The Chronology of the Last Supper -- By: Barry D. Smith

Journal: Westminster Theological Journal
Volume: WTJ 53:1 (Spring 1991)
Article: The Chronology of the Last Supper
Author: Barry D. Smith

The Chronology of the Last Supper

Barry D. Smith

One can construe the chronology of the Johannine passion narrative in such a way as to place the Last Supper on the evening of Nisan 14 and the crucifixion later on the afternoon of Nisan 14. (The day was reckoned from sunset to sunset.) This construal of the data contradicts the synoptic dating of the same events: in the synoptics, Jesus’ Last Supper is a Passover meal and he is crucified on the afternoon of Nisan 15, the first day of the Passover festival. The consensus seems to be forming that it is a lost labor of love to attempt to harmonize these accounts.1 But it would seem, in fact, that the older attempt to harmonize the accounts by the assimilation of the Johannine chronology to the synoptic, which few, it seems, take seriously any longer, has much to commend itself. According to this reading of the data, the Johannine Last Supper is a Passover meal, in spite of the fact that 18:28 and 19:31 can be interpreted in such a way as to suggest that Jesus died before the Passover meal was eaten. It is the aim of this essay to demonstrate anew the probability that, owing to an unfamiliarity with the use of festival terminology in first-century Palestine relating to the Passover and the Festival of Unleavened Bread, these two

verses are misunderstood by modern interpreters as evidence that Jesus’ Last Supper was not a Passover meal.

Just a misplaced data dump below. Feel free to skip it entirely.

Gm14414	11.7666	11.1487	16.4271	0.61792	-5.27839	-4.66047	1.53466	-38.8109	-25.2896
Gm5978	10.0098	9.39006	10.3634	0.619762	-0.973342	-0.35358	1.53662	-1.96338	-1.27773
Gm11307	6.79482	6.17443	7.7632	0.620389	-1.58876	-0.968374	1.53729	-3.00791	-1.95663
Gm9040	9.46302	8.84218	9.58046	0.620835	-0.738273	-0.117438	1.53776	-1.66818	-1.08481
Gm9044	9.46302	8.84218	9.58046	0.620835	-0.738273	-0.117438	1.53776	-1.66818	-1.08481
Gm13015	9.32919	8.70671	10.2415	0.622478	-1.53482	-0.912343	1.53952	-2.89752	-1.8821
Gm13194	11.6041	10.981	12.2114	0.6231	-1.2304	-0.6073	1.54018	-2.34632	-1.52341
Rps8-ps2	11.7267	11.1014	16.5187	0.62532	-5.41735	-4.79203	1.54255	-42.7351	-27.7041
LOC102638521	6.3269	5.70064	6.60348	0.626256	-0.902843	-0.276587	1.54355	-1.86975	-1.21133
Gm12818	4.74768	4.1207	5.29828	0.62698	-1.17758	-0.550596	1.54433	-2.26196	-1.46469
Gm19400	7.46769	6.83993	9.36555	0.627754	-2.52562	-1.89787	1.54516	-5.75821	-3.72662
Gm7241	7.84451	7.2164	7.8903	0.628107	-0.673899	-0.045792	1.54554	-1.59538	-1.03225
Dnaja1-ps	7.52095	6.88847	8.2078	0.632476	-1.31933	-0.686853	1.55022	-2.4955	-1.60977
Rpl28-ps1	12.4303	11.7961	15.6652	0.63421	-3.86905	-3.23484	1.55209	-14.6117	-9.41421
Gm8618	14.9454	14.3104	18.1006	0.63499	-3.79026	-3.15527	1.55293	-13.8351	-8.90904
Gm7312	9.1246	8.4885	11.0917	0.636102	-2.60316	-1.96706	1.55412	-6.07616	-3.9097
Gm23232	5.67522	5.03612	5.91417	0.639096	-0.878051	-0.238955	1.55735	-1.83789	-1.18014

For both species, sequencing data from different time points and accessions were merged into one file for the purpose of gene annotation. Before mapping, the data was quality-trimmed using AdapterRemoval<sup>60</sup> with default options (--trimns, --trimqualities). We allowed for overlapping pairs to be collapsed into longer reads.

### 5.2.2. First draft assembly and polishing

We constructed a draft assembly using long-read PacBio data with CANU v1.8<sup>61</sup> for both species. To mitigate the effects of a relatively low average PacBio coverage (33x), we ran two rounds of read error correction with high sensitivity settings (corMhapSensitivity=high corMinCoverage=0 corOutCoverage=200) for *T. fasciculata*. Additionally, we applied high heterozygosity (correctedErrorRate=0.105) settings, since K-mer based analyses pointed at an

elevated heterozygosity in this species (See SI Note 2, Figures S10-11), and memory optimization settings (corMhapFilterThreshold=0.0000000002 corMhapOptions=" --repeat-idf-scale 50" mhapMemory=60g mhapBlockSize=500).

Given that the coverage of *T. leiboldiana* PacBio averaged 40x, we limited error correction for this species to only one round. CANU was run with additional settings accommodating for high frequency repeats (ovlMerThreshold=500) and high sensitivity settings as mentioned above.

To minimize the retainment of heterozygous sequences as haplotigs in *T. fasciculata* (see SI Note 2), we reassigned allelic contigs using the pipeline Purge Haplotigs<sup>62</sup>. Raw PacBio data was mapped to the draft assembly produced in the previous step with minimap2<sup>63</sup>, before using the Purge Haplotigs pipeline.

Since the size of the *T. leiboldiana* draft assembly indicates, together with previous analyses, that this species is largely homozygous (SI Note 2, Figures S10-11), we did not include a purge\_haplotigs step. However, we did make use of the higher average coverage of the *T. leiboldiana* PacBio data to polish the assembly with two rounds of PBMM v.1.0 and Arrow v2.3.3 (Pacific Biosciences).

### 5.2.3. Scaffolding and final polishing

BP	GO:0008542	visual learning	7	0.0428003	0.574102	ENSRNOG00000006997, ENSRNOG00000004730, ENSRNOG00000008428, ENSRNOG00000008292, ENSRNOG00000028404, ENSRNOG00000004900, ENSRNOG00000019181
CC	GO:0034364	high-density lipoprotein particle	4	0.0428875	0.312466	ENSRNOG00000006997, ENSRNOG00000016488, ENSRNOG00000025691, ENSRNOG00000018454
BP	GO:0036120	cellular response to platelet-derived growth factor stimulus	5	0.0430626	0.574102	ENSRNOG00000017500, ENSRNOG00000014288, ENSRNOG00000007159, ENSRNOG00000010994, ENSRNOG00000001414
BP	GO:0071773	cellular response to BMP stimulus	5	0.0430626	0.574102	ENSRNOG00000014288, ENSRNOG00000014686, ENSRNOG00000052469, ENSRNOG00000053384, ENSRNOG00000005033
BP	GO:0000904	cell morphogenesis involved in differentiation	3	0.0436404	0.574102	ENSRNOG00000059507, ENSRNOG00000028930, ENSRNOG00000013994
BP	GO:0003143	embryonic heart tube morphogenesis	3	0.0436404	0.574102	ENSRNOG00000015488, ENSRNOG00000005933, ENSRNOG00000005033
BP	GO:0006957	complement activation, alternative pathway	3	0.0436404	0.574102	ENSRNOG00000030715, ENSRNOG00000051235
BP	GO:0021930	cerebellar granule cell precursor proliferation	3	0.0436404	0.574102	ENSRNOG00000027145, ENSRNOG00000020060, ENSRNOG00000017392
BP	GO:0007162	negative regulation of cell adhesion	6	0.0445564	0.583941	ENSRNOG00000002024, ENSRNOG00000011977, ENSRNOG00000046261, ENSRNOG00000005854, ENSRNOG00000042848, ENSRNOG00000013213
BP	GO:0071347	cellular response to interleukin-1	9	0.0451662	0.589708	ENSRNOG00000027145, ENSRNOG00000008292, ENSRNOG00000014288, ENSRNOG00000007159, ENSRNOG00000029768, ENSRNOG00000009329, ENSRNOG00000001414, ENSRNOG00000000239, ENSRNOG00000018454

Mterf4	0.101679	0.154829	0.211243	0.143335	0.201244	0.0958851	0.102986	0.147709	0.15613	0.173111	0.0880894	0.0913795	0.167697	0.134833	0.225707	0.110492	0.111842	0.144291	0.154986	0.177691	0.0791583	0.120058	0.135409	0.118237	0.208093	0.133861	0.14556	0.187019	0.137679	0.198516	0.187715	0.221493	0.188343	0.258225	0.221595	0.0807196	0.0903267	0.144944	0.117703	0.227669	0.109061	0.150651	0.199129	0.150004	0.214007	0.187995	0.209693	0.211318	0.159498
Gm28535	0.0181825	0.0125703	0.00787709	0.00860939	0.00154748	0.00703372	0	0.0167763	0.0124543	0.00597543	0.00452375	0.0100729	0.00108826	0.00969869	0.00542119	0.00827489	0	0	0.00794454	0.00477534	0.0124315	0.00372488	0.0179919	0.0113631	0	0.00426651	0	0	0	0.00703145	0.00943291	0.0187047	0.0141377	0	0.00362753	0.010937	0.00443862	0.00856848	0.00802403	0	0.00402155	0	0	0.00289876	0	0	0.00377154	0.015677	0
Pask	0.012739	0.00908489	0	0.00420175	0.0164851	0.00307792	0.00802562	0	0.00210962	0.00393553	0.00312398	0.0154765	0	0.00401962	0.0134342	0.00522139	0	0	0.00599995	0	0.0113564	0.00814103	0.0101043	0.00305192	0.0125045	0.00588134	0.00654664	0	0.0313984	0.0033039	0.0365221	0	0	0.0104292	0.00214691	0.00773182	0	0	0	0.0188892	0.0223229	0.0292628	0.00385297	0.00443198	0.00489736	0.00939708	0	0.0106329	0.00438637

I. Previous Attempts to Harmonize John and the Synoptics

The work of Annie Jaubert forms somewhat of a watershed in research into the chronology of the Passion week. Jaubert argued that Jesus kept the Essene calendar, and, as a result, celebrated the Passover before the priests and most other Jews.2 This meant that Jesus could have eaten the Passover meal with his disciples and still have been arrested before his opponents had eaten the Passover (cf. John 18:28). Eugen Ruckstuhl continued the line of thought begun by Jaubert: he likewise was convinced that the evidence supported a period of three days for Jesus’ arrest, trial, and execution, thereby putting Jesus’ Last Supper much earlier in the Passion week.3 It is, however, very doubtful that Jesus and his disciples celebrated the Passover according to the Essene calendar.4

Since the appearance of Jaubert’s work, H. W. Hoehner has argued that the discrepancy between John and the synoptics is a r...

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